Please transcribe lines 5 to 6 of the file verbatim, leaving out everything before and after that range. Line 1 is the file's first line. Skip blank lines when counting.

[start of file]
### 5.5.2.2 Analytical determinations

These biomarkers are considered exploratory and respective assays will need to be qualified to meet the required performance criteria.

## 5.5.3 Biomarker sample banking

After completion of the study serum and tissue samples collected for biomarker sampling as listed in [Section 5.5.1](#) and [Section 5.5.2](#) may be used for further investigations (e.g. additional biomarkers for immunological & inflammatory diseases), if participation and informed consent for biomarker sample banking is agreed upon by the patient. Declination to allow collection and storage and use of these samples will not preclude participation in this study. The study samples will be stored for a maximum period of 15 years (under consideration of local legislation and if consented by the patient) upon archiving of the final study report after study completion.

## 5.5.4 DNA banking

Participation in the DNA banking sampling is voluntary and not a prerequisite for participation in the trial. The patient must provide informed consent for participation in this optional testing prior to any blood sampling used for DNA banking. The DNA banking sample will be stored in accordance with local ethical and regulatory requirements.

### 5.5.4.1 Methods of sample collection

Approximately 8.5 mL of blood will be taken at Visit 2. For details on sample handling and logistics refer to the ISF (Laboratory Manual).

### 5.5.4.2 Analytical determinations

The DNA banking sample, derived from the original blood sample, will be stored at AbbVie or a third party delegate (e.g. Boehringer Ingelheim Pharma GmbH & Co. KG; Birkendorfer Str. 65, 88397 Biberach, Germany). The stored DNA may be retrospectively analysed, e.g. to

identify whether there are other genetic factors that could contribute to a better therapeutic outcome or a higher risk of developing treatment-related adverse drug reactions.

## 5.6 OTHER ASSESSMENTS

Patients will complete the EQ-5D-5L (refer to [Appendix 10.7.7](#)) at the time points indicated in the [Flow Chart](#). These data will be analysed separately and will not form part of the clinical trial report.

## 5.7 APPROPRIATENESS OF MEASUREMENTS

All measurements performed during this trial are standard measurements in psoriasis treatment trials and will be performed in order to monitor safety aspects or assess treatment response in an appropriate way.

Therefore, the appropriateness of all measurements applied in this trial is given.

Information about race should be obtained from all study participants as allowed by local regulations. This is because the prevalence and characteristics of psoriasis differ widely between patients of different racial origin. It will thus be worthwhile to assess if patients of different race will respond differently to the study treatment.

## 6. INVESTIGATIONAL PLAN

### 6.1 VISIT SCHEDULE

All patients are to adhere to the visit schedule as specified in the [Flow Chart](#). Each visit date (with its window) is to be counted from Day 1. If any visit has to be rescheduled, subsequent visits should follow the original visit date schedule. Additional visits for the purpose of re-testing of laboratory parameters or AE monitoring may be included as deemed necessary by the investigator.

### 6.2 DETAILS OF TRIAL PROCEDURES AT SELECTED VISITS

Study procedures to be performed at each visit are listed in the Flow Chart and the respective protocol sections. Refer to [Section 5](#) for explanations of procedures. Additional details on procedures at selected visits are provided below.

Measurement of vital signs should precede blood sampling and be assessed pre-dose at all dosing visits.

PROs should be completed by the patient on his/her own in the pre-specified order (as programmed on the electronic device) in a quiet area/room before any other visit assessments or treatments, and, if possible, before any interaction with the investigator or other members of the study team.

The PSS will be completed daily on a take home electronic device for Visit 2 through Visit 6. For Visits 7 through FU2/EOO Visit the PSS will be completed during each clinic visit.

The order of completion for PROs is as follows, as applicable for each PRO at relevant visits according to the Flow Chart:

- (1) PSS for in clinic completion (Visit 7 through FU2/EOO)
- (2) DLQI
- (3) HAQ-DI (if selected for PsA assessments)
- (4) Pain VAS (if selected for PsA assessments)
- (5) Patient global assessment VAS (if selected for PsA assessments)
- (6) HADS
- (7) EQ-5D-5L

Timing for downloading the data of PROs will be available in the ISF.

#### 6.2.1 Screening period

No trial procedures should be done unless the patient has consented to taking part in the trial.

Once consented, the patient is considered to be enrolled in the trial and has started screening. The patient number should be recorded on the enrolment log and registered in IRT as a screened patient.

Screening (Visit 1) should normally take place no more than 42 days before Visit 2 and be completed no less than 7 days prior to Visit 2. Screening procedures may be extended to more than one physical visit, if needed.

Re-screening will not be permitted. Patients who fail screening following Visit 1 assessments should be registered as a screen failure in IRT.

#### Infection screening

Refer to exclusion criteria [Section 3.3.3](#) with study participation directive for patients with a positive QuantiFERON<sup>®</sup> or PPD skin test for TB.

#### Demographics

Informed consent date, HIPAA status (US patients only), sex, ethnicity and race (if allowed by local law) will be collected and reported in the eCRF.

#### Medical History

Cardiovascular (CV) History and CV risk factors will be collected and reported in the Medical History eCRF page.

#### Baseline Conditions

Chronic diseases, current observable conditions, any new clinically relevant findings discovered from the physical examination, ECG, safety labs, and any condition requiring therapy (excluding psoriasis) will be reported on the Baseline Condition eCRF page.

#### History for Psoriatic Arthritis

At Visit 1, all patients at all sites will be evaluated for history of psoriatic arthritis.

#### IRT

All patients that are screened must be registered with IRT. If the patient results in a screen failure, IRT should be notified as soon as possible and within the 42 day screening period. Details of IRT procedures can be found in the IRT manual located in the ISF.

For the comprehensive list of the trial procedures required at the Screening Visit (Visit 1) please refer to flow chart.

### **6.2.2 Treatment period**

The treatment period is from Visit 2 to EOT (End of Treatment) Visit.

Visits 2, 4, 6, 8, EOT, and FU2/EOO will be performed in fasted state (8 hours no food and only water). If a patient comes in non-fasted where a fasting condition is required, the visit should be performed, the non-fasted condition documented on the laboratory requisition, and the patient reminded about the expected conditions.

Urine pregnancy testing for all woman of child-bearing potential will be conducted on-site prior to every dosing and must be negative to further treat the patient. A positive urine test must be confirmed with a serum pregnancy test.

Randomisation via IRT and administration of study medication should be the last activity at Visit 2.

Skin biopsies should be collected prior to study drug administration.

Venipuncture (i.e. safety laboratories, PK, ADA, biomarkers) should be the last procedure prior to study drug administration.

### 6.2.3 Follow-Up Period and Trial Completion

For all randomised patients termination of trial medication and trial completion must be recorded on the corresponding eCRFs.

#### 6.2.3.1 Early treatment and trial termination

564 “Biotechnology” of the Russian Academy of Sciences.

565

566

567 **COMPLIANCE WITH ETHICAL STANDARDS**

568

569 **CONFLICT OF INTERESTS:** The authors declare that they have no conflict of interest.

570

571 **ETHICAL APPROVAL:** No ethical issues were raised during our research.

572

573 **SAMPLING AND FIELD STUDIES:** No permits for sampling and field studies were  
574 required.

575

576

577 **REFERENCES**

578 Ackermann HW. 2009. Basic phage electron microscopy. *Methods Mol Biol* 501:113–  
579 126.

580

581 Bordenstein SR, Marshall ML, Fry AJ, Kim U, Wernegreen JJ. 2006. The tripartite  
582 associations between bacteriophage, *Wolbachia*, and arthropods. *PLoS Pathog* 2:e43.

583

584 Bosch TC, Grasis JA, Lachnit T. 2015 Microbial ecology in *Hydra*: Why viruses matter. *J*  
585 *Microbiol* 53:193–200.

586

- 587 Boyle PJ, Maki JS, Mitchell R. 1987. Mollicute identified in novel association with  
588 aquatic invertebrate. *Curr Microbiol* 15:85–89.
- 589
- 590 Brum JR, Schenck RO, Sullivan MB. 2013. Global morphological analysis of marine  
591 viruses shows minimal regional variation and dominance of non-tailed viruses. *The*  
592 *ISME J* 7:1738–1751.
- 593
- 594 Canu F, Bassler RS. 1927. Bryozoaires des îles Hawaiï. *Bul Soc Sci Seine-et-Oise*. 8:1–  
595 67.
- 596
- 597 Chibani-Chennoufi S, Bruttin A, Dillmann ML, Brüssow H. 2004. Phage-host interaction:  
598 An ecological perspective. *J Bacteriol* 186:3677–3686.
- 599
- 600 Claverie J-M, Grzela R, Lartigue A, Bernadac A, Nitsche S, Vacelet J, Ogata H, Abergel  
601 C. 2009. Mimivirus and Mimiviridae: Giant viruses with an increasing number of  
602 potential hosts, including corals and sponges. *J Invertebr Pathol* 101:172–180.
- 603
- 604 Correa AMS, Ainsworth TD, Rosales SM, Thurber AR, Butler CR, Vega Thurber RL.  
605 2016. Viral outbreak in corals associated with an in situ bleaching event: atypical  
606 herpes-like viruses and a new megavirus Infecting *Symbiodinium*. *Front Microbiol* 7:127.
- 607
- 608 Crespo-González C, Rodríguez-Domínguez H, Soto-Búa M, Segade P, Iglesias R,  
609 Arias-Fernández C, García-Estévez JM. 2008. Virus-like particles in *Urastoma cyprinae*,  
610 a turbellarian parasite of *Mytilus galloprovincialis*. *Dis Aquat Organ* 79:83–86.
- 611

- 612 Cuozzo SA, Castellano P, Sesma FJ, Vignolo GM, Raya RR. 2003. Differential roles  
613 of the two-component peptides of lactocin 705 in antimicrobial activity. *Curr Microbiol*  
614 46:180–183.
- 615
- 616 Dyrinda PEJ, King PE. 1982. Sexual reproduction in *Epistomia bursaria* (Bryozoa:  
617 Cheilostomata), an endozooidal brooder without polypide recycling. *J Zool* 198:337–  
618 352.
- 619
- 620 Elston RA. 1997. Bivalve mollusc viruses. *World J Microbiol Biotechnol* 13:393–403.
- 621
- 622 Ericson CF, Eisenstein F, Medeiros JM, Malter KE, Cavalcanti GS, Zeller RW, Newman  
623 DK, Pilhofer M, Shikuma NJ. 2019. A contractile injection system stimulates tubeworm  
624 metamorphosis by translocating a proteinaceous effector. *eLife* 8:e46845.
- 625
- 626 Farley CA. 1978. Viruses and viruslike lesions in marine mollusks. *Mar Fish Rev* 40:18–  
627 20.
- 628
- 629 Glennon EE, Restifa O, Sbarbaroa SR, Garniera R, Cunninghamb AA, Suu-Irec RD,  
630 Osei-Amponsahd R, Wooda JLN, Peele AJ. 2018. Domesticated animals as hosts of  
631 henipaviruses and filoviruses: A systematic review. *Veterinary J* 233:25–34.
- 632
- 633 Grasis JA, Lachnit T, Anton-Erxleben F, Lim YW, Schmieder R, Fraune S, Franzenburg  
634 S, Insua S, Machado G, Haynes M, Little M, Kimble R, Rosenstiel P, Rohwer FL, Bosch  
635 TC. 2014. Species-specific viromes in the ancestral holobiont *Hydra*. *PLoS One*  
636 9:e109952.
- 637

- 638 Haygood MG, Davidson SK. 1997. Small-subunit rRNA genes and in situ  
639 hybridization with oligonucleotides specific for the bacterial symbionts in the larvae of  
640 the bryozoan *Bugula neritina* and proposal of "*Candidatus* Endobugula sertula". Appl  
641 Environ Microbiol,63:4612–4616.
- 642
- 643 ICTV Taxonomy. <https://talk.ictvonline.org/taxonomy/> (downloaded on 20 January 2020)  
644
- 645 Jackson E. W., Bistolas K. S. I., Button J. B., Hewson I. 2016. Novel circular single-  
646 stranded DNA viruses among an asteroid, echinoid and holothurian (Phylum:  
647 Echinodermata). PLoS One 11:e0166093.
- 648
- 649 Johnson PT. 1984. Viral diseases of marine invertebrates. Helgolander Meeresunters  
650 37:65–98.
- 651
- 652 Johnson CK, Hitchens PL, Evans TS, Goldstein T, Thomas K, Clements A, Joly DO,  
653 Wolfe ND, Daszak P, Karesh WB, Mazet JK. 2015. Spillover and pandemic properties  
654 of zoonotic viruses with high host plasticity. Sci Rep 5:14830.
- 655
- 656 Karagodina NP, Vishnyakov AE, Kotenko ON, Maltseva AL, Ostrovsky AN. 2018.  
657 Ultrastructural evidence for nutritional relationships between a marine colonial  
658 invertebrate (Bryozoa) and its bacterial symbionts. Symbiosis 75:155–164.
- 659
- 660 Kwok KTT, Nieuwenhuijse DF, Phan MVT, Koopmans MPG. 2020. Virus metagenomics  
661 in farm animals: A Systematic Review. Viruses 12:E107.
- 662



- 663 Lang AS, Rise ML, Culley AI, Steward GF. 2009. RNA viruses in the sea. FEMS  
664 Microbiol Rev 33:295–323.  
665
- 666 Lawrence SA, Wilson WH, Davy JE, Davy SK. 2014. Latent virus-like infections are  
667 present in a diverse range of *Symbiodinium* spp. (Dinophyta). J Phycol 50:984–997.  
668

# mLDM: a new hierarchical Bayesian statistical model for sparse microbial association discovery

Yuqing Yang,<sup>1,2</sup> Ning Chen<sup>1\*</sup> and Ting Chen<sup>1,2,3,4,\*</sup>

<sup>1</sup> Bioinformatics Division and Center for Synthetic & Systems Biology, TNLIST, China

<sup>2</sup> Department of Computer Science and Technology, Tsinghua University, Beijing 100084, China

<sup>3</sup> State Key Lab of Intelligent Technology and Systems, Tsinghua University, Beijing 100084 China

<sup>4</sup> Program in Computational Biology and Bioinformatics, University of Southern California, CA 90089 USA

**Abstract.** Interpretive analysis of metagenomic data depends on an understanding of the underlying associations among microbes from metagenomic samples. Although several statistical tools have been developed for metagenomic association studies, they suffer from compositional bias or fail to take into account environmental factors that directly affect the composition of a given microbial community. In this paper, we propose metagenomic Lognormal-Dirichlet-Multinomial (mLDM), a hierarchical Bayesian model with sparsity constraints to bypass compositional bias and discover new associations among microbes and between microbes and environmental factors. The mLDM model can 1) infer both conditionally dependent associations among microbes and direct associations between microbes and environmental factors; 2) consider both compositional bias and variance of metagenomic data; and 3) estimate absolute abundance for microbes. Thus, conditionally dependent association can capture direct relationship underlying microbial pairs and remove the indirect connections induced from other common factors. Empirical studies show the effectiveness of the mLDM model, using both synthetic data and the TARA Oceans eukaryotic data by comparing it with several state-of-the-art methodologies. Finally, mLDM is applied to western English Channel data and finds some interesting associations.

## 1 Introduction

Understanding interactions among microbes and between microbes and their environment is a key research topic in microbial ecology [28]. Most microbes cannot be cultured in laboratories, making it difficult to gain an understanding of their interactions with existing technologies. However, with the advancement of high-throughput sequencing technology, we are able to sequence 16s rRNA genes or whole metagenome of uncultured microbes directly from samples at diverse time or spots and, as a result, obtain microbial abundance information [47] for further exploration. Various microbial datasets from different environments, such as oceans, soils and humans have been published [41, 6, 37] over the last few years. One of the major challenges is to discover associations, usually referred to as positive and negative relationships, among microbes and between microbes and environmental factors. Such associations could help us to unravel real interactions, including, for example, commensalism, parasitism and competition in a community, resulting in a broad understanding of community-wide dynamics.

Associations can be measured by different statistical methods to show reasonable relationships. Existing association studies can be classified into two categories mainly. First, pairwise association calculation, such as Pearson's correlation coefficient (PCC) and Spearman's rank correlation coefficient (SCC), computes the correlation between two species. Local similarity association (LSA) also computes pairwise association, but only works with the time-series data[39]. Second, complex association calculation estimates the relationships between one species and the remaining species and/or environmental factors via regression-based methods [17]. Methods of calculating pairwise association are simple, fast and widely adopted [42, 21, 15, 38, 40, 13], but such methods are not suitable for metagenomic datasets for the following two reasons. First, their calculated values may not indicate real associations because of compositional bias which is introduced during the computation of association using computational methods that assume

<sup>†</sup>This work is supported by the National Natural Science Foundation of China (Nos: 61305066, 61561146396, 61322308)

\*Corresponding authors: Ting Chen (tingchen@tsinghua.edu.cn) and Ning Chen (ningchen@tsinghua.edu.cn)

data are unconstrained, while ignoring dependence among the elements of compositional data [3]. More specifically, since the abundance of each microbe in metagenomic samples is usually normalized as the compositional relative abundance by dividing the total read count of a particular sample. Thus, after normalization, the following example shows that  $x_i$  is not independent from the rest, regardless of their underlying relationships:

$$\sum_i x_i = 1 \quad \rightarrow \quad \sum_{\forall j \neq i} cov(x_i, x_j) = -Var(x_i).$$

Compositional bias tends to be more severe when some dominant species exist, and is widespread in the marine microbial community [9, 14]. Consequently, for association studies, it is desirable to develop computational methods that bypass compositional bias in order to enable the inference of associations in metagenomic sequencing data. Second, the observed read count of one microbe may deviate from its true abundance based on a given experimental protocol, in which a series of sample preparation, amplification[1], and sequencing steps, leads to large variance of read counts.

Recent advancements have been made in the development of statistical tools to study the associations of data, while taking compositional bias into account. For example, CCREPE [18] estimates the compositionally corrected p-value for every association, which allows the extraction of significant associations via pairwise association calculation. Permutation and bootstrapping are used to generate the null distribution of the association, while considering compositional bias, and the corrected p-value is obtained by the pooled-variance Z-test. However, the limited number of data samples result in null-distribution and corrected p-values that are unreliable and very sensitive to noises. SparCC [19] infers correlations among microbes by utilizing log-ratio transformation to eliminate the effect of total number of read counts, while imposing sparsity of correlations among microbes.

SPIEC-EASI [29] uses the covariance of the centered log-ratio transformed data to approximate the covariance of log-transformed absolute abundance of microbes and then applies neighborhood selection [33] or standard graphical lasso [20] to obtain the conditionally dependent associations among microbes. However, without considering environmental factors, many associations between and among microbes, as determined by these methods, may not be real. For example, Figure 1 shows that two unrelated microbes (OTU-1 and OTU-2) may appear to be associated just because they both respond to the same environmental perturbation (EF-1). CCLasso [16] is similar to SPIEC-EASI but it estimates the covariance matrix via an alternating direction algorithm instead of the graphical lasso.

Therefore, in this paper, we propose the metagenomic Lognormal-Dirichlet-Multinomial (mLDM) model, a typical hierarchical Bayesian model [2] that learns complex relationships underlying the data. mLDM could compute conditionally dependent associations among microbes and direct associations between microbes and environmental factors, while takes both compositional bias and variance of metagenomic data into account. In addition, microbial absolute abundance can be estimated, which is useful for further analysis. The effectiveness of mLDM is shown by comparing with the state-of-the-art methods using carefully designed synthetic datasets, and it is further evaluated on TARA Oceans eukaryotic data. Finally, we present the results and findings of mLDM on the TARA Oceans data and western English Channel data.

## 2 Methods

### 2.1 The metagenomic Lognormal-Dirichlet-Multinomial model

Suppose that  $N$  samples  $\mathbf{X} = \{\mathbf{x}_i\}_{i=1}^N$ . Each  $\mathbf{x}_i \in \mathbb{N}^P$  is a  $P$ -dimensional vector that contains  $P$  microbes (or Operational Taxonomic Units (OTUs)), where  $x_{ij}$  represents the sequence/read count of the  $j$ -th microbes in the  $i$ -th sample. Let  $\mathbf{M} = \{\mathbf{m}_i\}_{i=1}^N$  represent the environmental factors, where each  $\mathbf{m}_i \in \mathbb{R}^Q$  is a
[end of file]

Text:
## 5.5.4 DNA banking

Participation in the DNA banking sampling is voluntary and not a prerequisite for participation in the trial. The patient must provide informed consent for participation in this optional testing prior to any blood sampling used for DNA banking. The DNA banking sample will be stored in accordance with local ethical and regulatory requirements.